Message 14 of 27 , Jul 3, 2003
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                                > Thanks for reminding me why I love the northwest in
                                > the summer! Most days we never hit 80, even at sea
                                > level. And if I go climb up a few thousand feet I
                                > get to sleep in nice comfortable 40 degree nights.

                                Absolutely. Down here in the muck and the mire, there are certain
                                drawbacks. I wish I could say that it was worth it...

                                There are, of course, more than enough trees to hang hammocks from. There
                                is no tree line until you hit the water, and hiking in February doesn't
                                involve ice storms...

                                Shne
                              • David Anderson
                                ... Yeah, winter weather can be entertaining, that s why I stick with the coast in the winter. Summers with a late snowpack are more annoying though. In late
                                Message 15 of 27 , Jul 3, 2003
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                                  At 04:50 PM 7/3/2003 -0500, you wrote:
                                  > > Thanks for reminding me why I love the northwest in
                                  > > the summer! Most days we never hit 80, even at sea
                                  > > level. And if I go climb up a few thousand feet I
                                  > > get to sleep in nice comfortable 40 degree nights.
                                  >
                                  >Absolutely. Down here in the muck and the mire, there are certain
                                  >drawbacks. I wish I could say that it was worth it...
                                  >
                                  >There are, of course, more than enough trees to hang hammocks from. There
                                  >is no tree line until you hit the water, and hiking in February doesn't
                                  >involve ice storms...
                                  >
                                  >Shne

                                  Yeah, winter weather can be entertaining, that's why I stick with the coast
                                  in the winter. Summers with a late snowpack are more annoying though. In
                                  late July most of the trails that went above 5000' at any point still had
                                  snow. And summer slushy snow is a lot less fun than winter snow and ice.

                                  As for the trees, I've never had trouble finding trees sinc4e I rarely camp
                                  above treeline. It's more of a problem with needing 30' tree straps if I'm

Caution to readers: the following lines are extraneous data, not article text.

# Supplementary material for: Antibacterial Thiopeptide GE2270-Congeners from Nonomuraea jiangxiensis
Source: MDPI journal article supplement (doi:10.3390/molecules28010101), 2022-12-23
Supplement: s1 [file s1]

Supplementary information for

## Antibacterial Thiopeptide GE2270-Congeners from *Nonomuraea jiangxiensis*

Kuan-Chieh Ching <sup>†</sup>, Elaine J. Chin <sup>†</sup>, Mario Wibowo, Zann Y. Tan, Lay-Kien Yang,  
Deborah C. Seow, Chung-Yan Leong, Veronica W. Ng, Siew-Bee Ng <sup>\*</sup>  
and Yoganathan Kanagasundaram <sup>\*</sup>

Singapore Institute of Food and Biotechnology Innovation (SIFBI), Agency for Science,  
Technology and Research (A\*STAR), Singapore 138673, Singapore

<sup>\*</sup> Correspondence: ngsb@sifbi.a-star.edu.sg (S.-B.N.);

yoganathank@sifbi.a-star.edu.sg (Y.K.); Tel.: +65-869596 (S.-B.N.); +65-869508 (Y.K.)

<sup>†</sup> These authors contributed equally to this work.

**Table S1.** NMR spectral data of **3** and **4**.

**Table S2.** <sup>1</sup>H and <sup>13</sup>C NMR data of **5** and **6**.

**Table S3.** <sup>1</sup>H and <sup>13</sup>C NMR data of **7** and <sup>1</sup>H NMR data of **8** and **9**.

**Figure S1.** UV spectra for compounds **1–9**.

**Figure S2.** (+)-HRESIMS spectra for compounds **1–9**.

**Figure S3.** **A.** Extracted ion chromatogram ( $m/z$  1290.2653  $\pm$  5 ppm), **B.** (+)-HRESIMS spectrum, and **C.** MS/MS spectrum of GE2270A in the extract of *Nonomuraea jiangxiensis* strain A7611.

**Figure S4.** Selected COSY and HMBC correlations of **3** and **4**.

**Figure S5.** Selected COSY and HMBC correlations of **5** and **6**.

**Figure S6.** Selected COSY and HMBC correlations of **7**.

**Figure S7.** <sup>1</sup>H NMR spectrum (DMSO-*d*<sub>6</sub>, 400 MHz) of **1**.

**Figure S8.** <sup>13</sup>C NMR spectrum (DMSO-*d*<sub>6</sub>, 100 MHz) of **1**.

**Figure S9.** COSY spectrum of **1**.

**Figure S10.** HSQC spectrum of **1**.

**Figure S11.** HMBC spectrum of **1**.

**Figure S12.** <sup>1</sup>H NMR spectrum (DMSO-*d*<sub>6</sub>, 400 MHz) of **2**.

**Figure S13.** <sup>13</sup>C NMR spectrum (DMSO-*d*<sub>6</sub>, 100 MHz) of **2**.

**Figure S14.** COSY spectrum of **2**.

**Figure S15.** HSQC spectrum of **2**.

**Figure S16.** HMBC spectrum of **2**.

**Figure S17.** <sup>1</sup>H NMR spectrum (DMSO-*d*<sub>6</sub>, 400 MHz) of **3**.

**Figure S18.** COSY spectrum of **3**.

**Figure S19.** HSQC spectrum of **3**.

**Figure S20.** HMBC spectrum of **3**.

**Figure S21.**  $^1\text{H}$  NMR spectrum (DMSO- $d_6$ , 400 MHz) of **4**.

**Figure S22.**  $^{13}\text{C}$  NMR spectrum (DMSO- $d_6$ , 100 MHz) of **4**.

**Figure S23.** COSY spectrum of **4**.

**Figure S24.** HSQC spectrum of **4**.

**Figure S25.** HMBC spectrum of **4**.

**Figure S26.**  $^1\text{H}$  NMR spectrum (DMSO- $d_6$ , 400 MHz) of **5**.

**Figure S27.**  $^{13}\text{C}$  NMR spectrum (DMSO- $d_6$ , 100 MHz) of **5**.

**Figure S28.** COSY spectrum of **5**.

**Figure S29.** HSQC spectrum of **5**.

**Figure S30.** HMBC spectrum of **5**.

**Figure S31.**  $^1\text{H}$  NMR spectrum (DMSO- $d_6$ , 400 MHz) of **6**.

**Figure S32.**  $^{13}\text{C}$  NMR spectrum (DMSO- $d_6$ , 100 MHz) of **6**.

in an old growth area.

                                  At some point I would like try hanging a hammock over the water from a
                                  canoe just to claim that I'd done it. The danger is that I'm not always to
                                  lucid when I wake up in the morning (okay, make that "never") and would
                                  probably end up as gator bait.

                                  --
                                  David Anderson
                                  Moderator
                                  http://www.BackpackGearTest.org
                                • Risk
                                  Short report on the 3-4th trip focused on the padand the temperature. My Frau Diane (Newly trail named EllieD) and I did a gentle 6 miles in the heat and
                                  Message 16 of 27 , Jul 5, 2003
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                                    Short report on the 3-4th trip focused on the padand the temperature.

                                    My Frau Diane (Newly trail named EllieD) and I did a gentle 6 miles
                                    in the heat and humidity on Thursday. Set up camp in an approved
                                    campsite at Zalinsli State Forest, Ohio. Temp 92 degrees. Humidity
                                    about 90 percent...

                                    I agree strongly with Shane about one thing, temperature and wind are
                                    both important, as is humidity.

                                    By sun down it was down to 86 degrees and we went to the trees. No
                                    pad. No wind (<5mph) I was able to get to sleep fairly cool and did
                                    well. About 2 or 3 AM as the temps dropped below 70, My back felt a
                                    little cool to touch, but I was not cold. EllieD said she had the
                                    same experience. If it had dropped a few more degrees or if the wind
                                    had picked up, I would have taken the few seconds it would have taken
                                    to slide the pad out of my pack and between the two layers of my
                                    hammock.

                                    Next day did a fun 10 miles along a forested canyon with many
                                    waterfalls. That felt good!

                                    Pics soon, I promise.

                                    Risk